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More under-25s not drinking alcohol

25s-no-alcohol

A third of young people are now teetotal, according to a new study which claims drinking habits are changing.

The study found that the proportion of 16–24 year olds who don't drink alcohol has increased from 18% in 2005 to 29% in 2015.

Health behaviours survey

Researchers from University College London investigated the growing trend of non-drinking among young people. They analysed surveys of people aged 16 to 24 in England.

The Health Survey for England is an annual nationwide survey that asks people about a range of health behaviours. Data from the survey from between 2005 and 2015 were analysed – this involved nearly 10,000 people.

The participants were asked whether they drank alcohol. If they answered ‘no’, they were then asked whether they had ever drank alcohol, had previously drank alcohol or occasionally drank alcohol. Those who answered ‘yes’ were then asked how many units they drank.

Non-drinkers

The results showed that the number of people aged 16–24 who describe themselves as non-drinkers rose by 11% between 2005 and 2015, with almost a third now being teetotal.

The number who had never drank alcohol rose from 9% to 17%. Those who drank above the recommended weekly alcohol levels fell from 43% to 28%, and binge-drinking fell from 27% to 18%.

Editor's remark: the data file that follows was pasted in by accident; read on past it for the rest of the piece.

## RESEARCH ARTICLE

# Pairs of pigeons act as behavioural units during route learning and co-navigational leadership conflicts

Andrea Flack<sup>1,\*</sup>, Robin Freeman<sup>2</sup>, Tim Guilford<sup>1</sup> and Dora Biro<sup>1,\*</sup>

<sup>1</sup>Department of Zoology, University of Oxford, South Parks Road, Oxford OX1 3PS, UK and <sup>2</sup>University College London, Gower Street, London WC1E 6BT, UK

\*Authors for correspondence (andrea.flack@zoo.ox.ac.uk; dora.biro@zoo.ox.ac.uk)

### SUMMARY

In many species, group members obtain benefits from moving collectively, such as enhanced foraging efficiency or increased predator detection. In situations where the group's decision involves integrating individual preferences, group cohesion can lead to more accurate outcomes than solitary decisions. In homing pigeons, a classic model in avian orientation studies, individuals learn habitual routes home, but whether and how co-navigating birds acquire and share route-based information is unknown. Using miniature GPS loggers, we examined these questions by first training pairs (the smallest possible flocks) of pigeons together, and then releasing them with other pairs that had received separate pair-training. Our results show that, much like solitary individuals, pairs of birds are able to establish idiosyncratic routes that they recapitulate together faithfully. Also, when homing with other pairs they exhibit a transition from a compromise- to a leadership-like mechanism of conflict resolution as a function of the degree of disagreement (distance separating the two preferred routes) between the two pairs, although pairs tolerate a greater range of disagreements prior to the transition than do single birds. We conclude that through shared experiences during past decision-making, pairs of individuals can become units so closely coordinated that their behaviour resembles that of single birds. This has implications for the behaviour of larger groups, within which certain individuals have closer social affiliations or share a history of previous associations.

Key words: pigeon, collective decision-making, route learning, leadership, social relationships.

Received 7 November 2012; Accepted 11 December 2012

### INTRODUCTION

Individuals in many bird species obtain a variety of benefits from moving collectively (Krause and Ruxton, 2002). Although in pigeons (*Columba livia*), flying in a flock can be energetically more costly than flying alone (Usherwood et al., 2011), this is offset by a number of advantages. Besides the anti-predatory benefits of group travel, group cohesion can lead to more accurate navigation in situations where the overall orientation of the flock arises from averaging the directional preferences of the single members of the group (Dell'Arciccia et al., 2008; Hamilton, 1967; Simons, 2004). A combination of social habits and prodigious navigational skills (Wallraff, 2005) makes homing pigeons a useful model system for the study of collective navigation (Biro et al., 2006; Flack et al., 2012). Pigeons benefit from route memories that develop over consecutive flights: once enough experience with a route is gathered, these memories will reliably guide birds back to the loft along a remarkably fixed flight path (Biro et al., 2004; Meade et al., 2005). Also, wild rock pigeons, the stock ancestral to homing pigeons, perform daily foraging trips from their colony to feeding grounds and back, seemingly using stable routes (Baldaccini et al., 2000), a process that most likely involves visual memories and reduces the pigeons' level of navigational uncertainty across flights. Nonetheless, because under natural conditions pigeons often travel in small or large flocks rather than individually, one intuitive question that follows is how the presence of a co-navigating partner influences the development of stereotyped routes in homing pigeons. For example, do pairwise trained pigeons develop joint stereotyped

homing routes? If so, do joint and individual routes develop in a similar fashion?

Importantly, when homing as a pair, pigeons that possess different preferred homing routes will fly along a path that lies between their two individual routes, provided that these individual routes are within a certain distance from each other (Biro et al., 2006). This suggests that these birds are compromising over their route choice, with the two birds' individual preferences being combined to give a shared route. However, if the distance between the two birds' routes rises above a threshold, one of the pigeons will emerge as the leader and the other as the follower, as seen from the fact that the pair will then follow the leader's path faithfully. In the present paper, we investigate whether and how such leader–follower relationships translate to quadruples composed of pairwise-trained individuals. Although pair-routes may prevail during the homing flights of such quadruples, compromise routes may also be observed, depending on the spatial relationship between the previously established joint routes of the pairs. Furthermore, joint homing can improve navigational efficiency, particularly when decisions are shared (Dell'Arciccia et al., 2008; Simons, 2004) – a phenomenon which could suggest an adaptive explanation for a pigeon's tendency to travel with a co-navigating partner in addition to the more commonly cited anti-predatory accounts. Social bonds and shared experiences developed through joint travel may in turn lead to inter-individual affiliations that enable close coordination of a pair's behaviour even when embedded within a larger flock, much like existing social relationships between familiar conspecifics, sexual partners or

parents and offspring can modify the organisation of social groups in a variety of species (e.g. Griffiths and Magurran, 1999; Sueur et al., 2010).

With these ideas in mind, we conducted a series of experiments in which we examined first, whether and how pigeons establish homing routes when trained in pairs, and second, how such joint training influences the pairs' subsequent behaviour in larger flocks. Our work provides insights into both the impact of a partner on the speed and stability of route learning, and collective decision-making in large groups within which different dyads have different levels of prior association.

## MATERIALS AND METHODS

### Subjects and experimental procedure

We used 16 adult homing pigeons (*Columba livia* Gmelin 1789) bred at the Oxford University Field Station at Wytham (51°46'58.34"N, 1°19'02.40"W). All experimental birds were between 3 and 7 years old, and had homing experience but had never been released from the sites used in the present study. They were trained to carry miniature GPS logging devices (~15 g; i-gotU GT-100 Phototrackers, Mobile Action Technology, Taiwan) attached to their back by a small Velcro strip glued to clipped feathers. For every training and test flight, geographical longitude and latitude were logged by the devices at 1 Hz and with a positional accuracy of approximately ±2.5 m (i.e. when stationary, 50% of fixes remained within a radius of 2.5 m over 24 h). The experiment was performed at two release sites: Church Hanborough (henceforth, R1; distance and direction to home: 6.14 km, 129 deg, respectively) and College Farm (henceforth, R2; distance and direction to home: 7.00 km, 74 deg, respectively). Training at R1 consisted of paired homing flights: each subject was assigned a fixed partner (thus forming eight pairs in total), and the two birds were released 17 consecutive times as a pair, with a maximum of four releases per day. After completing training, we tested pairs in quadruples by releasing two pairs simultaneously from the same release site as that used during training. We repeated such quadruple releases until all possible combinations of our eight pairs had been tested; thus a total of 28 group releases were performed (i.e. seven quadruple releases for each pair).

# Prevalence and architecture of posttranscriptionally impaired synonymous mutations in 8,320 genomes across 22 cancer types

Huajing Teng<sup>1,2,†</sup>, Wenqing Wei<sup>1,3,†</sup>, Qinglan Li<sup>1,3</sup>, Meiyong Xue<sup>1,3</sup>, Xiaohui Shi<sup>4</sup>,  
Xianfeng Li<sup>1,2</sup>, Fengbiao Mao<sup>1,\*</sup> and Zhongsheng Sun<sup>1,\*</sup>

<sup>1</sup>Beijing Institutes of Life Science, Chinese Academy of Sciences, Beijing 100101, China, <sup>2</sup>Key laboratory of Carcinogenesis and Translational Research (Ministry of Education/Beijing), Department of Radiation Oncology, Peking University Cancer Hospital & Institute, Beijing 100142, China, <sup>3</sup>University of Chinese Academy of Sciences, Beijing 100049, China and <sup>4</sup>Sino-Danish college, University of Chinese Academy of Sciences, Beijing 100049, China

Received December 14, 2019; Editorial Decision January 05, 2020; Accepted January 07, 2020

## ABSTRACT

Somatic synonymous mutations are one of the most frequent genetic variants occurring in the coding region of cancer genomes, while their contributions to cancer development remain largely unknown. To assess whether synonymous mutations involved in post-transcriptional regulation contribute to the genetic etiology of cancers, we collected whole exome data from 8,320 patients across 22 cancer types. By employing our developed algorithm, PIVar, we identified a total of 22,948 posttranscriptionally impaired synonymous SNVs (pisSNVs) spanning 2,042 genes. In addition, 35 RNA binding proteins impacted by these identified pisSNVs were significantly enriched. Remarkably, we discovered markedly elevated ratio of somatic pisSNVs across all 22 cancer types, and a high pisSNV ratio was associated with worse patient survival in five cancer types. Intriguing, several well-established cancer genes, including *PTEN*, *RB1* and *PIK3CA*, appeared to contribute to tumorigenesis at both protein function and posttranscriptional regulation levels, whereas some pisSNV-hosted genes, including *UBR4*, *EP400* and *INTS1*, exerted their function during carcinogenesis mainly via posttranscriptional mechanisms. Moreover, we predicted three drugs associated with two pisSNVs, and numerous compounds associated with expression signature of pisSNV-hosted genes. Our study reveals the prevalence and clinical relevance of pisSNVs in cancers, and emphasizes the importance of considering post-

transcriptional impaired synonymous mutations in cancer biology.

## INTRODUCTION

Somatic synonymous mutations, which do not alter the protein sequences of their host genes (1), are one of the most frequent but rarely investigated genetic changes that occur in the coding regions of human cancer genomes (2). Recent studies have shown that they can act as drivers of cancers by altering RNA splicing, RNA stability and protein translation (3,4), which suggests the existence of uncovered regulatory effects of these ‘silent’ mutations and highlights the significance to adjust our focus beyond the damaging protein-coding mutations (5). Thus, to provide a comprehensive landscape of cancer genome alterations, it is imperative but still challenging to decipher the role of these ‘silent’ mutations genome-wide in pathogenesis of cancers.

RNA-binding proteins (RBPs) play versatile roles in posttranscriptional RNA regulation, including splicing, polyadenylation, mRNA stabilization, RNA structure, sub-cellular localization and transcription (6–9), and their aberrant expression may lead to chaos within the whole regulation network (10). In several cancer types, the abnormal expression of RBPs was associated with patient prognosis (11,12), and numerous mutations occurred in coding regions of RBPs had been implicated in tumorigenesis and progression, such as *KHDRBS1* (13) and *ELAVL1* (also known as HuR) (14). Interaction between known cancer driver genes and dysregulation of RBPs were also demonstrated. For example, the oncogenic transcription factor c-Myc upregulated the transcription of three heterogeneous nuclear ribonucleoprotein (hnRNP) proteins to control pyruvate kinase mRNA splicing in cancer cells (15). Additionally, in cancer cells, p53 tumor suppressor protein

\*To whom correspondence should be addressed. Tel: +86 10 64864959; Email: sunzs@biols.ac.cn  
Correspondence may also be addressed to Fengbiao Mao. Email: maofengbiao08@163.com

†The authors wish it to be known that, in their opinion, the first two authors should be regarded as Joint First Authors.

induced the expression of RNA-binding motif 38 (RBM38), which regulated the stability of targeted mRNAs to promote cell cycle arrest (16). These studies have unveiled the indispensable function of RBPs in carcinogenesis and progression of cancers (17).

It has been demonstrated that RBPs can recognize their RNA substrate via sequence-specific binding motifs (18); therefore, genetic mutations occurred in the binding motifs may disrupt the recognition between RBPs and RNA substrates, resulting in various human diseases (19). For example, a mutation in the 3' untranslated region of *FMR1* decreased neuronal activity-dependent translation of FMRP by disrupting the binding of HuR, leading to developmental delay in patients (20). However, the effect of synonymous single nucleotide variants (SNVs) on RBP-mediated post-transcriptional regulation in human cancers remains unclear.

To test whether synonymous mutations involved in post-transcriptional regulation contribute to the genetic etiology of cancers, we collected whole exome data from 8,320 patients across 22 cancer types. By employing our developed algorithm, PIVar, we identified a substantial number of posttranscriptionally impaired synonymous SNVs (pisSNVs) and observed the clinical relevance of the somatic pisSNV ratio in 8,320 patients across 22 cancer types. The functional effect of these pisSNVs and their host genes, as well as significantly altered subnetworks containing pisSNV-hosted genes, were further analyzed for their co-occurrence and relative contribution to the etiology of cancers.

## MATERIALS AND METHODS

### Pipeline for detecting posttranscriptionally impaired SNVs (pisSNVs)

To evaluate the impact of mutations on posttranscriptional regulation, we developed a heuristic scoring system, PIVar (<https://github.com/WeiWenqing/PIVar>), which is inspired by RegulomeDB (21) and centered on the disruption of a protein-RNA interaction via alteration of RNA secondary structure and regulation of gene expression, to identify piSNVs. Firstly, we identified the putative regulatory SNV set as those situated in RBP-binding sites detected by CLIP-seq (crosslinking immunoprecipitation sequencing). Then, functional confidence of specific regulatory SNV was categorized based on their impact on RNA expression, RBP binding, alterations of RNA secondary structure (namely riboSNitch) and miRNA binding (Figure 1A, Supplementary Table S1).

Health awareness

The results appear to suggest an increase in health awareness, with non-drinking increasing in those who don’t smoke and those who do a lot of exercise. However, non-drinking rates also increased in people who don’t eat a lot of fruit or vegetables.

There was no increase found in non-drinkers amongst those with poor mental health and those from ethnic minorities.

The reductions in drinking were seen across most groups of young people, for example those who are employed and those who are in education, and across all income groups.

Attitudes changing

The researcher conclude from their study that there is a shift happening in attitudes towards alcohol, as well as changes in how young people spend their free time.

Dr Linda Ng Fat, lead author of the study, said: “The increase in non-drinking was found across many different groups and suggests that non-drinking may be becoming more mainstream among young people, which could be caused by cultural factors.

“The increase in young people who choose not to drink alcohol suggests that this behaviour may be becoming more acceptable, whereas risky behaviours such as binge drinking may be becoming less normalised.”

 

This article was written by a third party source and does not reflect the views or opinions of Ramsay Health Care unless explicitly stated.

Additional comments on the page from individual Consultants do not necessarily reflect the views or opinions of other Consultants or Ramsay Health Care.

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